Personal life and death

Perrin was an atheist and a socialist.[11][12] He was an officer in the engineer corps during World War I.

After the death of Perrin's wife Henriette in 1938, Nine Choucroun (1896–1978), founder of the Nine Choucroun Prize, became Perrin's partner. In June 1940, when the Germans invaded France, Choucroun and Perrin escaped to Casablanca on the ocean liner Massilia, with part of the French government. In December 1941, they boarded the SS Excambion to New York City, arriving on December 23.[13]

Perrin died at Mount Sinai Hospital in New York on 17 April 1942 at the age of 71.

After the War, in 1948, his remains were transported back to France by the cruiser Jeanne d'Arc and buried in the Panthéon.


Atomes, 1913
  • Les Principes. Exposé de thermodynamique (1901)/Principles of thermodynamics
  • Traité de chimie physique. Les principes (1903)/Physical chemistry principles
  • Les Preuves de la réalité moléculaire (1911)/Evidences of molecular reality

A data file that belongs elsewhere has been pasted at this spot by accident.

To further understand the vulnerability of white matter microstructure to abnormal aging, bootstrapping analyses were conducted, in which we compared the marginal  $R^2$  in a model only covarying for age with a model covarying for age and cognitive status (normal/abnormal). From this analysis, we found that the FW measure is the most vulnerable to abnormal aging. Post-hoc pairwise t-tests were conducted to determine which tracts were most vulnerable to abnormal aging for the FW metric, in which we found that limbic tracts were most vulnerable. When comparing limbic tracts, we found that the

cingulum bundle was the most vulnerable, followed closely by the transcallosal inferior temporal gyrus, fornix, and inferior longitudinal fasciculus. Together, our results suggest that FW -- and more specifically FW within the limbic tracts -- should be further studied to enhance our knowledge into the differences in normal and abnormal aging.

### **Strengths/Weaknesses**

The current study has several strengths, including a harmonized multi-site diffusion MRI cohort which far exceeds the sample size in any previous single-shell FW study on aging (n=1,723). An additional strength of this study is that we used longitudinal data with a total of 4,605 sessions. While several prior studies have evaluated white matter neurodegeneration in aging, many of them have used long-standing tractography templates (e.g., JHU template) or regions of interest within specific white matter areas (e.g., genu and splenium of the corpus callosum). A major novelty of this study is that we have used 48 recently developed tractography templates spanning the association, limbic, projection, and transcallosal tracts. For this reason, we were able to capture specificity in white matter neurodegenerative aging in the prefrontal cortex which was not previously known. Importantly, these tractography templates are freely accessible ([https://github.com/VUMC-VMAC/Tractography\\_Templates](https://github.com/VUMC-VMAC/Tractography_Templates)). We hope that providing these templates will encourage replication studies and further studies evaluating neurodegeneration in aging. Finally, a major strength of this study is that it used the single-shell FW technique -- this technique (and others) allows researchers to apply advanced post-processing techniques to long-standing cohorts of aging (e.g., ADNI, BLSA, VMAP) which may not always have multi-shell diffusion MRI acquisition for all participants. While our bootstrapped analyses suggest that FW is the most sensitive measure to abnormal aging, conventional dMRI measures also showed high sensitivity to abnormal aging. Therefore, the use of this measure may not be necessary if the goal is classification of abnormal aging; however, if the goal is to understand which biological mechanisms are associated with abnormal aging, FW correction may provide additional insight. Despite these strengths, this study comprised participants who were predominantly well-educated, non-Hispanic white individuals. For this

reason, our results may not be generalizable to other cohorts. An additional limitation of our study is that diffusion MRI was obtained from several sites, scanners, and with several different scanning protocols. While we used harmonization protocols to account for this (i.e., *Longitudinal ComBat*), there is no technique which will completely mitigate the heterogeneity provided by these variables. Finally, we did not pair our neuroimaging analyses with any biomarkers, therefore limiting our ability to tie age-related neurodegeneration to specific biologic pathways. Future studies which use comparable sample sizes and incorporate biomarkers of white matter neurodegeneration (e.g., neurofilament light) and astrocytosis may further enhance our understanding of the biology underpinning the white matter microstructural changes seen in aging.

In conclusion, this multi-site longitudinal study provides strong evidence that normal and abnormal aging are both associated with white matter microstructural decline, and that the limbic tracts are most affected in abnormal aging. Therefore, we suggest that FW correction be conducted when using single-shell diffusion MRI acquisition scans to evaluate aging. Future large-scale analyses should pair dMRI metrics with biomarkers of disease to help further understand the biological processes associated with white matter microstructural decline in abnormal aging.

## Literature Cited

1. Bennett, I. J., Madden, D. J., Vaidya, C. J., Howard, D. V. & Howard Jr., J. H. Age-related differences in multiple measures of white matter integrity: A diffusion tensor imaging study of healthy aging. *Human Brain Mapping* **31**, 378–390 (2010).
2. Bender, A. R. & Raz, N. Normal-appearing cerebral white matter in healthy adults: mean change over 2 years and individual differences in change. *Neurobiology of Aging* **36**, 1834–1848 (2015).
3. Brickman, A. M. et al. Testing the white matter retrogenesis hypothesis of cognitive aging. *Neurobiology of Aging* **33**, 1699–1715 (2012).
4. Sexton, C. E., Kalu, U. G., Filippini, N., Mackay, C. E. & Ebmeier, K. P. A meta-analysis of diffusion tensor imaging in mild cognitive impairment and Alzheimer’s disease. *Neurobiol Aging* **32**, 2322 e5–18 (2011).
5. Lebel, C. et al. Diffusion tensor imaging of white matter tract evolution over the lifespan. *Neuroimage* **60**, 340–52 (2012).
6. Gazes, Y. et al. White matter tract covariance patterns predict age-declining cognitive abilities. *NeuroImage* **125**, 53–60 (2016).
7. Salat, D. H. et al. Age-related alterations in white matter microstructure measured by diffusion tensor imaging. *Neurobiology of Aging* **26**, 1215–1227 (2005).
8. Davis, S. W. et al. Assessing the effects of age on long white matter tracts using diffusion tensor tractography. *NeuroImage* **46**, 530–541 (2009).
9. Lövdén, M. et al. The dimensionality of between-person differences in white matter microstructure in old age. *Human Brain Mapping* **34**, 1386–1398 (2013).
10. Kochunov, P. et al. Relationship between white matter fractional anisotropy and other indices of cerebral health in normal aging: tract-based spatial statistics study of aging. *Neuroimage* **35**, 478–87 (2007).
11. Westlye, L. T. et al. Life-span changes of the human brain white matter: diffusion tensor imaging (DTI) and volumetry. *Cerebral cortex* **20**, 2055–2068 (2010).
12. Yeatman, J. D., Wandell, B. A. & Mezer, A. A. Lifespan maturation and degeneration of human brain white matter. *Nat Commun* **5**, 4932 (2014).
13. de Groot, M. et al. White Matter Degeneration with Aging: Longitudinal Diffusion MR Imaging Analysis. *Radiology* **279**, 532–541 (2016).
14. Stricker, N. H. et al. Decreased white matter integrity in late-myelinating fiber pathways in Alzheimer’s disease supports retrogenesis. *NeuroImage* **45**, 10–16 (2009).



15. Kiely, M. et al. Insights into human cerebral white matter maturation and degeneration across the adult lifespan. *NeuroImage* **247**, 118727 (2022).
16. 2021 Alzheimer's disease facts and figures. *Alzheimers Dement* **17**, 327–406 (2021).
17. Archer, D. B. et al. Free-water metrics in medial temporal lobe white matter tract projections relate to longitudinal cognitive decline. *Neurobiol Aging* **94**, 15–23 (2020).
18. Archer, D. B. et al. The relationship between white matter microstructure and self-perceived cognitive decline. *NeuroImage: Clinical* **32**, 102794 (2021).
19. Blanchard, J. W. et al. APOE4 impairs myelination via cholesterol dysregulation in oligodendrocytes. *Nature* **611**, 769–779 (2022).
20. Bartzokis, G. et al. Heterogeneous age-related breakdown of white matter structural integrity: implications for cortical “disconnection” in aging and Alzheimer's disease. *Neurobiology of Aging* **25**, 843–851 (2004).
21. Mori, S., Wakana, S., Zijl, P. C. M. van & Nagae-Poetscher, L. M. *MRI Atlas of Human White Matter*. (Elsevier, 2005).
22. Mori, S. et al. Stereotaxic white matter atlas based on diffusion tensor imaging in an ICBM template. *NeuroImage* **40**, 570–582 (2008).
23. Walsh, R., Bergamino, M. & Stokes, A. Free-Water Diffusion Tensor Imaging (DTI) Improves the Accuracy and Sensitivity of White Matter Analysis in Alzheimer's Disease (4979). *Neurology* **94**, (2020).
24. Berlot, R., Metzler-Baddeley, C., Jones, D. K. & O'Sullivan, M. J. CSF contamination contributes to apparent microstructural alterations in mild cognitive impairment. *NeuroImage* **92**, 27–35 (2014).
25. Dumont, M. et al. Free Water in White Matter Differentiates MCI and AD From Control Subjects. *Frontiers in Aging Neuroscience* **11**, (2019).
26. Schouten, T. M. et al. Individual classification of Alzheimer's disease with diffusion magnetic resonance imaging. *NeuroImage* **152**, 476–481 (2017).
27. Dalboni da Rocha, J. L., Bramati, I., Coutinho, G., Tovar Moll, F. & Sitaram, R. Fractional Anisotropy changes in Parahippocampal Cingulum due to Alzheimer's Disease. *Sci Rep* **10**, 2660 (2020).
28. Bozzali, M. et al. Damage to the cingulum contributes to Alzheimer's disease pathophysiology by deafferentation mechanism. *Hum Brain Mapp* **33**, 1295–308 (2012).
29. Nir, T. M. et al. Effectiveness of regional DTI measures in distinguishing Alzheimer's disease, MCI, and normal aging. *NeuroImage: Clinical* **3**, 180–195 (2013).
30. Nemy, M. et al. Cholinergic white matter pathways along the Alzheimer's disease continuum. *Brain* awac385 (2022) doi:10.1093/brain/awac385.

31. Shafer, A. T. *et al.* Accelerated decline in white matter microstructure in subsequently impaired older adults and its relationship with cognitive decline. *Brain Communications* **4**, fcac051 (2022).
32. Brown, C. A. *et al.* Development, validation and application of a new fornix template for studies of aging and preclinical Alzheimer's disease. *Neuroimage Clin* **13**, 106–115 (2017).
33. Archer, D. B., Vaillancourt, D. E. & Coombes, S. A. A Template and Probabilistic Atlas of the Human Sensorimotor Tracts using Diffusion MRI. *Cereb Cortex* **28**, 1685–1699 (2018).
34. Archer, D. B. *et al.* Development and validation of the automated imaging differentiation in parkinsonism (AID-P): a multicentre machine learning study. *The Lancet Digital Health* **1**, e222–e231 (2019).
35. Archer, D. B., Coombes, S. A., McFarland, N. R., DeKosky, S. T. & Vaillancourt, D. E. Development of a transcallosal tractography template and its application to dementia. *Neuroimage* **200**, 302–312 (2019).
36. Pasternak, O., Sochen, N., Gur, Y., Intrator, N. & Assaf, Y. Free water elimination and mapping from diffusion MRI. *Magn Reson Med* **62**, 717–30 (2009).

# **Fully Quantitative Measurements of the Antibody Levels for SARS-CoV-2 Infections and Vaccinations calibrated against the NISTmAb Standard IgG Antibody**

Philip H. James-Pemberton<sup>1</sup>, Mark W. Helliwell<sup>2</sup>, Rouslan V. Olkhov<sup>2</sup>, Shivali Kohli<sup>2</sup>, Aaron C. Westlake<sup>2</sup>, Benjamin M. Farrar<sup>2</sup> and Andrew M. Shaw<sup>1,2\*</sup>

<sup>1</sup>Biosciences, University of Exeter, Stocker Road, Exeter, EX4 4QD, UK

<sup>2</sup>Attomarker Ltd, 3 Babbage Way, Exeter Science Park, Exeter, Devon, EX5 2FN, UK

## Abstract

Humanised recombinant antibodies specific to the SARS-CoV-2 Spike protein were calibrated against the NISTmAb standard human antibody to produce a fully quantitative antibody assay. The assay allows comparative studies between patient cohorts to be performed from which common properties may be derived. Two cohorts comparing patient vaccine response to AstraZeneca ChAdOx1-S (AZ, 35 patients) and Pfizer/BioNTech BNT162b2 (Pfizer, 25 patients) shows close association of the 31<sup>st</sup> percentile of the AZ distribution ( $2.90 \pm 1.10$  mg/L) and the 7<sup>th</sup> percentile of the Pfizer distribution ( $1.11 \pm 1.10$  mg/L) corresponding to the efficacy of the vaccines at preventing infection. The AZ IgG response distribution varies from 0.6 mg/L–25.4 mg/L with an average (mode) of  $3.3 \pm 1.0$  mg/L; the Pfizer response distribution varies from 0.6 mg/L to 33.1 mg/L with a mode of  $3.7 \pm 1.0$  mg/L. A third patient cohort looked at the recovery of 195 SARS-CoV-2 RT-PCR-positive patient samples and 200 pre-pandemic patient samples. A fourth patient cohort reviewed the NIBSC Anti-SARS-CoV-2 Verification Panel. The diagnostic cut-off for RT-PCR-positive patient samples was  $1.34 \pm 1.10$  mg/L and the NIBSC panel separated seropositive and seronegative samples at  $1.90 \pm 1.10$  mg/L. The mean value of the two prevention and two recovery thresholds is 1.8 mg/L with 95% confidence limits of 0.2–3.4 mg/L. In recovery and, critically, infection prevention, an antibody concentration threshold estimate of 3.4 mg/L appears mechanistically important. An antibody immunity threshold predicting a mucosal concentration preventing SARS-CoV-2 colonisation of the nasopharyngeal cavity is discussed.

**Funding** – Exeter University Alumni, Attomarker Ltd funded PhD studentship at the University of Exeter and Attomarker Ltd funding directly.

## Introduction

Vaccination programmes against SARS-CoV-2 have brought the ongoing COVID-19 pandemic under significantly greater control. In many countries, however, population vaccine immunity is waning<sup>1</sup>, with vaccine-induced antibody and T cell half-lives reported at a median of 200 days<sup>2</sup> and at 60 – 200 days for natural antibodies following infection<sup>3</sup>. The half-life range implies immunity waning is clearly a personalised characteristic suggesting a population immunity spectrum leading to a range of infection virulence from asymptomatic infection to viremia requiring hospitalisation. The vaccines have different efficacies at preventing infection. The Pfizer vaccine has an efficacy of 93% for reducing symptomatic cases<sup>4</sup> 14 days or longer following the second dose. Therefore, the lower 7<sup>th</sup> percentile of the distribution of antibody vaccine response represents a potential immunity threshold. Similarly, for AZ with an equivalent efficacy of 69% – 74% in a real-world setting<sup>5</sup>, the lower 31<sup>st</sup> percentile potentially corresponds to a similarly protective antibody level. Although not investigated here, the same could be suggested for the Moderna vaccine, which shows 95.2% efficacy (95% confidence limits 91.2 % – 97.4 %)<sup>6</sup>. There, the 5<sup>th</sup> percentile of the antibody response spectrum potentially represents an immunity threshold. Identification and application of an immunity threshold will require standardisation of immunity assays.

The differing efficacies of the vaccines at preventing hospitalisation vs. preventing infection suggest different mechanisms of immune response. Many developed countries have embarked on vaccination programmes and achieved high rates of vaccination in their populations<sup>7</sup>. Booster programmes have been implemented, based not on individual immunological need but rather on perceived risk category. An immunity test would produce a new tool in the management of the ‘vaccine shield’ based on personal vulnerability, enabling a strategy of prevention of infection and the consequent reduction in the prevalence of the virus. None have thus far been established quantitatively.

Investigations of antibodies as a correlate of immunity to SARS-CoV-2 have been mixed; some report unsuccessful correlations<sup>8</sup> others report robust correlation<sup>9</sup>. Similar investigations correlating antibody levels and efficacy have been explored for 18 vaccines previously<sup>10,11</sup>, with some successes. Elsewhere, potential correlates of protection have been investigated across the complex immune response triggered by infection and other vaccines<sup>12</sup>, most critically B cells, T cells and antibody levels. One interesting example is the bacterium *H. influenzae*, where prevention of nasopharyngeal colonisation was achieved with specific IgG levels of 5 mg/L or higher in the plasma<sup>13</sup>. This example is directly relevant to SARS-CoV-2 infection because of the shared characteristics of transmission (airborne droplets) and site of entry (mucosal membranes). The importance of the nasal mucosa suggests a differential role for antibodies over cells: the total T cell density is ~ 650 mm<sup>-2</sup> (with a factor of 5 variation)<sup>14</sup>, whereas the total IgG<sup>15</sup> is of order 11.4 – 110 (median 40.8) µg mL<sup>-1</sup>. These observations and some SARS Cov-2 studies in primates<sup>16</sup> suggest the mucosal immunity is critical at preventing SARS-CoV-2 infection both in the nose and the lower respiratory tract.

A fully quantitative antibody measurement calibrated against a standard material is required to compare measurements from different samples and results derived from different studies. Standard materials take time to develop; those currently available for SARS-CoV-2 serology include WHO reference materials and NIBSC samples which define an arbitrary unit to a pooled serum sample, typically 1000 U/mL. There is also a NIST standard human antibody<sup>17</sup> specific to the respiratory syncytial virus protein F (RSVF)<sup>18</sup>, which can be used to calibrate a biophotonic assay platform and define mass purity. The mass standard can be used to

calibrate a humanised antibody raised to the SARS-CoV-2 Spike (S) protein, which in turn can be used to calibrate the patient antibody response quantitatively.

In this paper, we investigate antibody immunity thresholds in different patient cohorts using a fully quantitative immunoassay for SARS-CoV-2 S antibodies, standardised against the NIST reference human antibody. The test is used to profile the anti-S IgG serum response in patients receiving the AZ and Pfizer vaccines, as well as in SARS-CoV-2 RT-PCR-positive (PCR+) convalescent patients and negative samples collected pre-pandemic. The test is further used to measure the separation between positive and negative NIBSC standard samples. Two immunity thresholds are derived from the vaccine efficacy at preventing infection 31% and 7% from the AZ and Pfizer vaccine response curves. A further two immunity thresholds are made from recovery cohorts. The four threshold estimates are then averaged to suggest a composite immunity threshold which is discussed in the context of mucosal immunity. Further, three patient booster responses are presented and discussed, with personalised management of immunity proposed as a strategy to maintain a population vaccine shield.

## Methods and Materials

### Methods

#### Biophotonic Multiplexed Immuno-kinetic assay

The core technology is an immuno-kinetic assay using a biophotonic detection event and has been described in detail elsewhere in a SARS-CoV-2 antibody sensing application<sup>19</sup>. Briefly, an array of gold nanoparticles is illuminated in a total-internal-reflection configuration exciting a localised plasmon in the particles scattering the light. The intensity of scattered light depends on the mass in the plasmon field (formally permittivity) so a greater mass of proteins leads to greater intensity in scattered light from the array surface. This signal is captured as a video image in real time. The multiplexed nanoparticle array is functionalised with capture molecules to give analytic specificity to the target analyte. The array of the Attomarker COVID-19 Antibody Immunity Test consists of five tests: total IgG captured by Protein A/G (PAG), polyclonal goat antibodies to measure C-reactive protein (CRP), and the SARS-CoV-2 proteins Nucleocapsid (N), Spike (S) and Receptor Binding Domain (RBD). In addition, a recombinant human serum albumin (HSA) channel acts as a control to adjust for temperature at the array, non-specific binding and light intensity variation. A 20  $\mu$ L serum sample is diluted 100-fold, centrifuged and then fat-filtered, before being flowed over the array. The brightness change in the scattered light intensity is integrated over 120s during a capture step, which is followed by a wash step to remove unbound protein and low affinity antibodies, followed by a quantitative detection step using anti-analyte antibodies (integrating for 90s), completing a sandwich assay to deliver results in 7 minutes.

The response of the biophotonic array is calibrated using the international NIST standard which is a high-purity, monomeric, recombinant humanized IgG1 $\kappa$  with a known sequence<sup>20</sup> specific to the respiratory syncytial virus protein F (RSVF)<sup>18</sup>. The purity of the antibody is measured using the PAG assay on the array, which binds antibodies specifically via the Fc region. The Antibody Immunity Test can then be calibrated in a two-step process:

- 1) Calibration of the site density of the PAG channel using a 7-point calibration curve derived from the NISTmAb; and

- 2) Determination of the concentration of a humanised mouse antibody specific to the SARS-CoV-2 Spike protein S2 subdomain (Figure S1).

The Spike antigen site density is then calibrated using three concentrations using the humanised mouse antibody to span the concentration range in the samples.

• Atomes (in French). Paris: Alcan. 1913.
  • Les Atomes (1913)/The Atoms
  • Matière et lumière (1919)/Matter and light
  • En l'honneur de Madame Pierre Curie et de la découverte du Radium (1922)/ In honor of Mrs Pierre Curie and the discovery of Radium
  • Les Éléments de la physique (1929)/Elements of physics
  • L'Orientation actuelle des sciences (1930)/Current orientation of sciences
  • Les Formes chimiques de transition (1931)/Transition chemical forms
  • La Recherche scientifique (1933)/Scientific research
  • Cours de chimie. 1ère partie. Chimie générale et métalloïdes (1935)/ Chemistry courses: general chemistry and metalloids
  • Grains de matière et grains de lumière (1935)/Grains of matter and grains of light
    • Existence des grains/Existence of grains
    • Structure des atomes/Structure of atoms
    • Noyaux des atomes/Kernels of atoms
    • Transmutations provoquées/Induced transmutations
  • Paul Painlevé: l'homme (1936)/Paul Painlevé: the man
  • L'Organisation de la recherche scientifique en France (1938)/The organisation of scientific research in France
  • À la surface des choses (1940–1941)/At the surface of things
    • Masse et gravitation (1940)/Mass and gravitation
    • Lumière (1940)/Light
    • Espace et temps (1940)/Space and time
    • Forces et travail (1940)/Forces and work
    • Relativité (1941)/Relativity
    • Électricité (1941)/Electricity